This Tuesday is the special election for Senate in Alabama between the scandal-laden Roy Moore and his Democratic opponent Doug Jones. The Real Clear Politics average has Moore Moore up 3.8 percentage points over Jones in a race that has set a new standard for partisanship in the United States.
Nine women have come out since November, each with their own, independent story about Roy Moore’s misconduct against them. The stories include illicit touching, sexual assault, and child molestation. The Moore campaign has denied the bulk of the allegations, casting blame on every liberal boogeyman from the mainstream media, to George Soros, to a conspiracy of transgender activists.
Senate Majority Leader Mitch McConnell, who backed Moore’s primary opponent Luther Strange, originally called on Roy Moore to step aside from the Senate race. But a few weeks – and a few favorable polls out of Alabama – later, McConnell changed his hardline stance. In an interview on ABC last week he said he will let “the people of Alabama make the call” on Roy Moore.
Frankly, that is fair enough. We have elections for a reason, and it is the responsibility of Alabama voters to choose their representatives. It’s not Mitch McConnell’s prerogative to tell voters who is and who isn’t an upstanding citizen worthy of serving in the United States Senate. It’s a flip-flop from his earlier stance. It punts on the question of whether the Majority Leader believes the women’s stories or Roy Moore’s denials. But taken at face value, Alabama gets to decide who’s their next Senator will be is a perfectly valid stance to take.
What is absolutely invalid, however, is what Senator Tim Scott said on Face the Nation on November 12, 2017. Asked by CBS anchor John Dickerson about Roy Moore, Tim Scott gave the boilerplate “if true he should step down” answer, but then followed it up by saying, “the voters will be the judge and jury for Roy Moore.”
No. They will not.
Put aside the fact that Roy Moore may eventually stand before a real judge and jury for his conduct. Put aside that Alabama voters will not observe hours of testimony and cross-examination. Put aside that the rules of evidence will not spare voters from hearsay and improper character attacks and leading questions. Put aside all of that, and this is still an utterly dumb statement. Voters elect candidates, they don't making rulings on the truth.
Vox’s Ezra Klein commented about this phenomenon in a recent episode of his podcast, people using “elections as an absolution mechanism”. Ezra Klein calls it “absolution,” I prefer to call it “trial-by-election.”
The idea is that if someone is accused of wrongdoing, and they win an election anyway, it serves as de facto proof of their innocence. This is simply untrue. The converse argument, that a candidate accused of wrongdoing who loses an election is thereby guilty of the wrongdoing, is equally false.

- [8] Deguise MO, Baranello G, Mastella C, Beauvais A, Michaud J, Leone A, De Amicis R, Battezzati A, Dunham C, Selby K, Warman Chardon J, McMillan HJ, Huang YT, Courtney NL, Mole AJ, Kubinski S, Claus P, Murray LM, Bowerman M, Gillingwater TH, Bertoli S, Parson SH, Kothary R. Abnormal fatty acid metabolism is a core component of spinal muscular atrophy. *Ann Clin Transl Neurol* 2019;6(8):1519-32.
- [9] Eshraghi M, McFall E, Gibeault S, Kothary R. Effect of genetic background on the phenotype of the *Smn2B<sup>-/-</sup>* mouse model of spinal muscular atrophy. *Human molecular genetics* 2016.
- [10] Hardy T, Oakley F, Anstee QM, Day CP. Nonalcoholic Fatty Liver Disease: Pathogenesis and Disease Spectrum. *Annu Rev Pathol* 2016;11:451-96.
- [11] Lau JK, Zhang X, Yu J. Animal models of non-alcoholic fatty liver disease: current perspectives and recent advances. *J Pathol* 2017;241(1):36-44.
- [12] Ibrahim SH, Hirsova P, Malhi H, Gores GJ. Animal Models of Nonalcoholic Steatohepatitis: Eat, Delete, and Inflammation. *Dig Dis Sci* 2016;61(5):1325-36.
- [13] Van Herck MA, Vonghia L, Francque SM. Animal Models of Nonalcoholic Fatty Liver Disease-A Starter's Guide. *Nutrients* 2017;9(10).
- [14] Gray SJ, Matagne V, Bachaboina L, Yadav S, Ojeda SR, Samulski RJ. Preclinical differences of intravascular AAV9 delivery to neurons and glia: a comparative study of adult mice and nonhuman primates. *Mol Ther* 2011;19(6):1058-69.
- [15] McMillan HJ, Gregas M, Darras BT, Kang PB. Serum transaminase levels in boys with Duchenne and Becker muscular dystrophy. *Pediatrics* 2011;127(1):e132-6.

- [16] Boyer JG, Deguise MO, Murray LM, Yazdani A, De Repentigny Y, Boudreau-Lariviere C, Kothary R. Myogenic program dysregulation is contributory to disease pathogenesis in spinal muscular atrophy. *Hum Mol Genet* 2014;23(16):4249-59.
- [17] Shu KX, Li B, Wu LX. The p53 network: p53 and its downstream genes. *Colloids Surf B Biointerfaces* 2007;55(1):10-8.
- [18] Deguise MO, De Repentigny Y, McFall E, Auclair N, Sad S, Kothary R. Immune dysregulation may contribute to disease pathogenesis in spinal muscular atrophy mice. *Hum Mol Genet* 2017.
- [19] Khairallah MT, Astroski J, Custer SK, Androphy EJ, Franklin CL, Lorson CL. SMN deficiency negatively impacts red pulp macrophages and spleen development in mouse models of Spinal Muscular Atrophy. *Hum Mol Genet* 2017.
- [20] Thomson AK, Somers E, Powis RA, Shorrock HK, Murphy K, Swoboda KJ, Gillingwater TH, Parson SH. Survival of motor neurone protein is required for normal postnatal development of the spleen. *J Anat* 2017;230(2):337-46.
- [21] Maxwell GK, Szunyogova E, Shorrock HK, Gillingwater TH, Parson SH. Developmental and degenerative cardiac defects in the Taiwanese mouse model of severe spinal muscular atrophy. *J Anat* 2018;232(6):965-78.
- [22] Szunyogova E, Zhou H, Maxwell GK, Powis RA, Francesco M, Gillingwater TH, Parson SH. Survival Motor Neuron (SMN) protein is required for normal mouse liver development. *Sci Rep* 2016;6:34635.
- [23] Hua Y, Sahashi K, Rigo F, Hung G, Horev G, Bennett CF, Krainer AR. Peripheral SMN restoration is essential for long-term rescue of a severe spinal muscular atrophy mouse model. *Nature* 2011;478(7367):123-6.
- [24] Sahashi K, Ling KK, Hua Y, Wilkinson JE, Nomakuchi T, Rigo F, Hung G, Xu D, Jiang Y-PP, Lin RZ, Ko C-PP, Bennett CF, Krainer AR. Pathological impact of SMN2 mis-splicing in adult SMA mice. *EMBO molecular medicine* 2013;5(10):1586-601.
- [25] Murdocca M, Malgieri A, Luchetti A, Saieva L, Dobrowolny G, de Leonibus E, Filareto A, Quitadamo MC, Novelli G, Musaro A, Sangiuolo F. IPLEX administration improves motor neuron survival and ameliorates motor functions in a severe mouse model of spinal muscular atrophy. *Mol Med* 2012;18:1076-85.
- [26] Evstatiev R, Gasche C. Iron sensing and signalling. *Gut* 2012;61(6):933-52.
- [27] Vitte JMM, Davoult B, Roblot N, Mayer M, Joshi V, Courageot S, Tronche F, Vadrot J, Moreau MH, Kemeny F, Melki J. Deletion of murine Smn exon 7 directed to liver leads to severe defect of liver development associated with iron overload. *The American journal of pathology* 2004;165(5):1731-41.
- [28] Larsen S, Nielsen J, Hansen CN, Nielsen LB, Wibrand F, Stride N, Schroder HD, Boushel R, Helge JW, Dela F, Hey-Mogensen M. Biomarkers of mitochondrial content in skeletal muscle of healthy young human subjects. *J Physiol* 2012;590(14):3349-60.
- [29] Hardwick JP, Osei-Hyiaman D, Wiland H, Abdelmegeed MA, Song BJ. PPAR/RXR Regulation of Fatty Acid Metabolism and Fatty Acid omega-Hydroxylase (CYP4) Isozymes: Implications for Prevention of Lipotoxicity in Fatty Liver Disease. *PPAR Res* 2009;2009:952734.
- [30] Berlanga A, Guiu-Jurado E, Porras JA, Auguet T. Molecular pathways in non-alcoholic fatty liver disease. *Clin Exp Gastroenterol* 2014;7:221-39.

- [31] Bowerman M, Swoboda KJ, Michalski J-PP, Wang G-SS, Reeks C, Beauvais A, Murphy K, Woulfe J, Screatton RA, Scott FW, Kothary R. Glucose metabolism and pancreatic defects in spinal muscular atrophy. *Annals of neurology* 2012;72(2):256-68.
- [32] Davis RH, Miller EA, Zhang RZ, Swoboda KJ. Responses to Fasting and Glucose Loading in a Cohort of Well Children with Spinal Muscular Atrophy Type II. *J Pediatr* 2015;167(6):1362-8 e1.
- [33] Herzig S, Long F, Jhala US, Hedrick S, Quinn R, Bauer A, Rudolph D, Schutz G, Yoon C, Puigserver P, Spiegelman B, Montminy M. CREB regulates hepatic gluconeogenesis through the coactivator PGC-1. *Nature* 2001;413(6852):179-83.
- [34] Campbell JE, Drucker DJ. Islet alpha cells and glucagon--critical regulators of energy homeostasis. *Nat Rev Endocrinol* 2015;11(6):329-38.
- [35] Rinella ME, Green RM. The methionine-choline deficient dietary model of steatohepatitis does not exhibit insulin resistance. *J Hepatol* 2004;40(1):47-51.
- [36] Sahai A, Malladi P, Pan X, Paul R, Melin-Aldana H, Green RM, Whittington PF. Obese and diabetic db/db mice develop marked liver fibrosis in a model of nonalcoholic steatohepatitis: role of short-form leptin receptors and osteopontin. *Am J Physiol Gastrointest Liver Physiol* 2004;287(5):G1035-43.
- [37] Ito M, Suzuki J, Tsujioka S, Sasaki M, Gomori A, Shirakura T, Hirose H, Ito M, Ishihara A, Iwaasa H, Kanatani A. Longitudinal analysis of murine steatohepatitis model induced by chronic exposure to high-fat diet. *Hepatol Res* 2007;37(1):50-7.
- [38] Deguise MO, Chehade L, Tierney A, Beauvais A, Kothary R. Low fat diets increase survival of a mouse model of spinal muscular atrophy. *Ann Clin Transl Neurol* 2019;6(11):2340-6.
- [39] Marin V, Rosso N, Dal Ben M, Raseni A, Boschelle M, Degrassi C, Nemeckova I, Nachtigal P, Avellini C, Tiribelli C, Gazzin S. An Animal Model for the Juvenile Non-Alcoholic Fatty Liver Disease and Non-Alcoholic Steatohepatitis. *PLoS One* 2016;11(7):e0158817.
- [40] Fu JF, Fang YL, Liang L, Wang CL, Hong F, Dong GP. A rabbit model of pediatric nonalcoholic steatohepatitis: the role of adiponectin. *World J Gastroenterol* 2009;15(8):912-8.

President Donald Trump and his staff have used trial-by-election rhetoric to claim innocence in the sexual assault allegations against him – some of which are still pending in actual court. They’ve also used it to discredit the conclusions of FBI investigations into Russian meddling in the 2016 election and claim that it’s entirely proper for the President to not release his tax returns. He won, so he can’t be bad, right?
I don’t know if, or the extent to which, the President colluded with Russians. I don’t know if there are crimes or misdeeds hidden in the President’s tax returns. I do know that winning an election in spite of these controversies is an absurd reason to claim innocence.
Trial-by-election is absurd for the same reason trial-by-combat is absurd. If I committed a crime, but I’m the best soldier in the kingdom, I’ll never be found guilty – I can just demand a trial-by-combat. Is Donald Trump innocent of sexual assault merely because he had a superior understanding of social media outreach and a better understanding of the voter demographics in swing Midwestern states? Is Hillary Clinton guilty of a conspiracy to mislead the FBI because she failed to read the voter’s thirst for bold ideas – regardless of their fiscal, legal, or political implications? Of course not. That’s absurd.
Tim Scott bought into the same absurdity called for a trial-by-election for Roy Moore. Moore is no less a child molester if he wins on Tuesday. The voters of Alabama can choose not to believe the accusers, they can choose not to care if Moore did what he did. Mitch McConnell is right, Alabamans will have to choose which candidate best represents the values of their state. Alabamans will get that choice; they will not, however, get to decide what is true.
Democrats are also guilty of using trial-by-election. Nancy Pelosi leaned on it to justify her initially not calling on John Conyers to resign. The large Republican losses in the 1998 midterms has been used to claim Bill Clinton’s innocence.
I also worry about Democrats claiming a trial-by-election if Roy Moore loses on Tuesday. Just because Roy Moore loses a Senate race does not make him guilty of the crimes for which he is accused. If we truly are finally entering an era when we “believe the women,” then Roy Moore should be considered guilty because of the voracity of the claims made by the nine women that have come forward, and not because he lost a closely contested election.
It’s a fine rhetorical line – saying that people voted a certain way because of what they think is true, and not saying that what those voters believe is factually accurate merely because their guy won. I get why it’s easy for politicians to conflate the two statements, because it implicitly means that voters can get things wrong. It’s hard for a politician to say that. The customer is always right. Even though they are not.
Truth doesn’t stand for election, only politicians do.